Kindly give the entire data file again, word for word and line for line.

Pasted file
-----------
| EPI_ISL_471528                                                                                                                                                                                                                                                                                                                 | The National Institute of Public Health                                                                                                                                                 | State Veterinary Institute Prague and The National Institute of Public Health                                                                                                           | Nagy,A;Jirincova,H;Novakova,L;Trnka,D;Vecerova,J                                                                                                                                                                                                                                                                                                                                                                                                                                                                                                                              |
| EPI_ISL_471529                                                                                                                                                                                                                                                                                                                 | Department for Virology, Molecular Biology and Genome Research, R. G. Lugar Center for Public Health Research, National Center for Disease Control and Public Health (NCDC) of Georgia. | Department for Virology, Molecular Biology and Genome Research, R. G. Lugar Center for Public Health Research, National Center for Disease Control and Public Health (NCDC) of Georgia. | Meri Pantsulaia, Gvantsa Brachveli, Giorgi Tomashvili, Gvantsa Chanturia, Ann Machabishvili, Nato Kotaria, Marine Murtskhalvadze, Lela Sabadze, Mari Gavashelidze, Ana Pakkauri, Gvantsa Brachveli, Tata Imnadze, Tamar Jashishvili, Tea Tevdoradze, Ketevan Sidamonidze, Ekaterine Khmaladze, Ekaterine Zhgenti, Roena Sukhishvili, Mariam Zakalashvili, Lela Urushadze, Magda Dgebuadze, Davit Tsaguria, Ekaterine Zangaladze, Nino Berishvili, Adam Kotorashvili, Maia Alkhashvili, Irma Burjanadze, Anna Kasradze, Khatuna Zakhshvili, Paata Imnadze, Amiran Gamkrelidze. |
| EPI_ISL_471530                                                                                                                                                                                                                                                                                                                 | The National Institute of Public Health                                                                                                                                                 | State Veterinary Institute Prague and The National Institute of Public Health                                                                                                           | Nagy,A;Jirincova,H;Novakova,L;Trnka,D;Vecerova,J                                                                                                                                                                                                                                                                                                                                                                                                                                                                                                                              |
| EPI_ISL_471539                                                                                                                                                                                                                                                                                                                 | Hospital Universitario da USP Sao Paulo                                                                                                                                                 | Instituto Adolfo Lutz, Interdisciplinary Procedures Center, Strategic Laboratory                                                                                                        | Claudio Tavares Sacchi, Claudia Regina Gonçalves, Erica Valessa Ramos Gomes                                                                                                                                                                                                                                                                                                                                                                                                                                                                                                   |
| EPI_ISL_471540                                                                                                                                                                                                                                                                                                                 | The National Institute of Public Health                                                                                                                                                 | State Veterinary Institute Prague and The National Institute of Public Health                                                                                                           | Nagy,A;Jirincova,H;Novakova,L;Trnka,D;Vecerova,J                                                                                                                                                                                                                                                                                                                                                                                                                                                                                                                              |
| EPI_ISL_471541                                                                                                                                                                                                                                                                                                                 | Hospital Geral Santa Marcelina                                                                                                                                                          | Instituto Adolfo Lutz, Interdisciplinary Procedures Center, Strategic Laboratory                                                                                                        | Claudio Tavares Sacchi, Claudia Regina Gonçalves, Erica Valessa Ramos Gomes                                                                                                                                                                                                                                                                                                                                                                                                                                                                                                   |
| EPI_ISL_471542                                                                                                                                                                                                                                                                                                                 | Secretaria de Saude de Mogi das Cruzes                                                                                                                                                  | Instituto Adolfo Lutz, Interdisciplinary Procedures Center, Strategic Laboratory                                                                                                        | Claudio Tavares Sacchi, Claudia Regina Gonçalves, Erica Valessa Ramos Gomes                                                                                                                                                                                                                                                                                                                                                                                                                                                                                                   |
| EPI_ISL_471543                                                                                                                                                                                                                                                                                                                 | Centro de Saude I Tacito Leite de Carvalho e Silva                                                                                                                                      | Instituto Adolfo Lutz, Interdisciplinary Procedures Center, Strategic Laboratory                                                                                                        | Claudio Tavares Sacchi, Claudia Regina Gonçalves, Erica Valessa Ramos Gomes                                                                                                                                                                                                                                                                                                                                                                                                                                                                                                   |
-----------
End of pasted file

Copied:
| EPI_ISL_471528                                                                                                                                                                                                                                                                                                                 | The National Institute of Public Health                                                                                                                                                 | State Veterinary Institute Prague and The National Institute of Public Health                                                                                                           | Nagy,A;Jirincova,H;Novakova,L;Trnka,D;Vecerova,J                                                                                                                                                                                                                                                                                                                                                                                                                                                                                                                              |
| EPI_ISL_471529                                                                                                                                                                                                                                                                                                                 | Department for Virology, Molecular Biology and Genome Research, R. G. Lugar Center for Public Health Research, National Center for Disease Control and Public Health (NCDC) of Georgia. | Department for Virology, Molecular Biology and Genome Research, R. G. Lugar Center for Public Health Research, National Center for Disease Control and Public Health (NCDC) of Georgia. | Meri Pantsulaia, Gvantsa Brachveli, Giorgi Tomashvili, Gvantsa Chanturia, Ann Machabishvili, Nato Kotaria, Marine Murtskhalvadze, Lela Sabadze, Mari Gavashelidze, Ana Pakkauri, Gvantsa Brachveli, Tata Imnadze, Tamar Jashishvili, Tea Tevdoradze, Ketevan Sidamonidze, Ekaterine Khmaladze, Ekaterine Zhgenti, Roena Sukhishvili, Mariam Zakalashvili, Lela Urushadze, Magda Dgebuadze, Davit Tsaguria, Ekaterine Zangaladze, Nino Berishvili, Adam Kotorashvili, Maia Alkhashvili, Irma Burjanadze, Anna Kasradze, Khatuna Zakhshvili, Paata Imnadze, Amiran Gamkrelidze. |
| EPI_ISL_471530                                                                                                                                                                                                                                                                                                                 | The National Institute of Public Health                                                                                                                                                 | State Veterinary Institute Prague and The National Institute of Public Health                                                                                                           | Nagy,A;Jirincova,H;Novakova,L;Trnka,D;Vecerova,J                                                                                                                                                                                                                                                                                                                                                                                                                                                                                                                              |
| EPI_ISL_471539                                                                                                                                                                                                                                                                                                                 | Hospital Universitario da USP Sao Paulo                                                                                                                                                 | Instituto Adolfo Lutz, Interdisciplinary Procedures Center, Strategic Laboratory                                                                                                        | Claudio Tavares Sacchi, Claudia Regina Gonçalves, Erica Valessa Ramos Gomes                                                                                                                                                                                                                                                                                                                                                                                                                                                                                                   |
| EPI_ISL_471540                                                                                                                                                                                                                                                                                                                 | The National Institute of Public Health                                                                                                                                                 | State Veterinary Institute Prague and The National Institute of Public Health                                                                                                           | Nagy,A;Jirincova,H;Novakova,L;Trnka,D;Vecerova,J                                                                                                                                                                                                                                                                                                                                                                                                                                                                                                                              |
| EPI_ISL_471541                                                                                                                                                                                                                                                                                                                 | Hospital Geral Santa Marcelina                                                                                                                                                          | Instituto Adolfo Lutz, Interdisciplinary Procedures Center, Strategic Laboratory                                                                                                        | Claudio Tavares Sacchi, Claudia Regina Gonçalves, Erica Valessa Ramos Gomes                                                                                                                                                                                                                                                                                                                                                                                                                                                                                                   |
| EPI_ISL_471542                                                                                                                                                                                                                                                                                                                 | Secretaria de Saude de Mogi das Cruzes                                                                                                                                                  | Instituto Adolfo Lutz, Interdisciplinary Procedures Center, Strategic Laboratory                                                                                                        | Claudio Tavares Sacchi, Claudia Regina Gonçalves, Erica Valessa Ramos Gomes                                                                                                                                                                                                                                                                                                                                                                                                                                                                                                   |
| EPI_ISL_471543                                                                                                                                                                                                                                                                                                                 | Centro de Saude I Tacito Leite de Carvalho e Silva                                                                                                                                      | Instituto Adolfo Lutz, Interdisciplinary Procedures Center, Strategic Laboratory                                                                                                        | Claudio Tavares Sacchi, Claudia Regina Gonçalves, Erica Valessa Ramos Gomes                                                                                                                                                                                                                                                                                                                                                                                                                                                                                                   |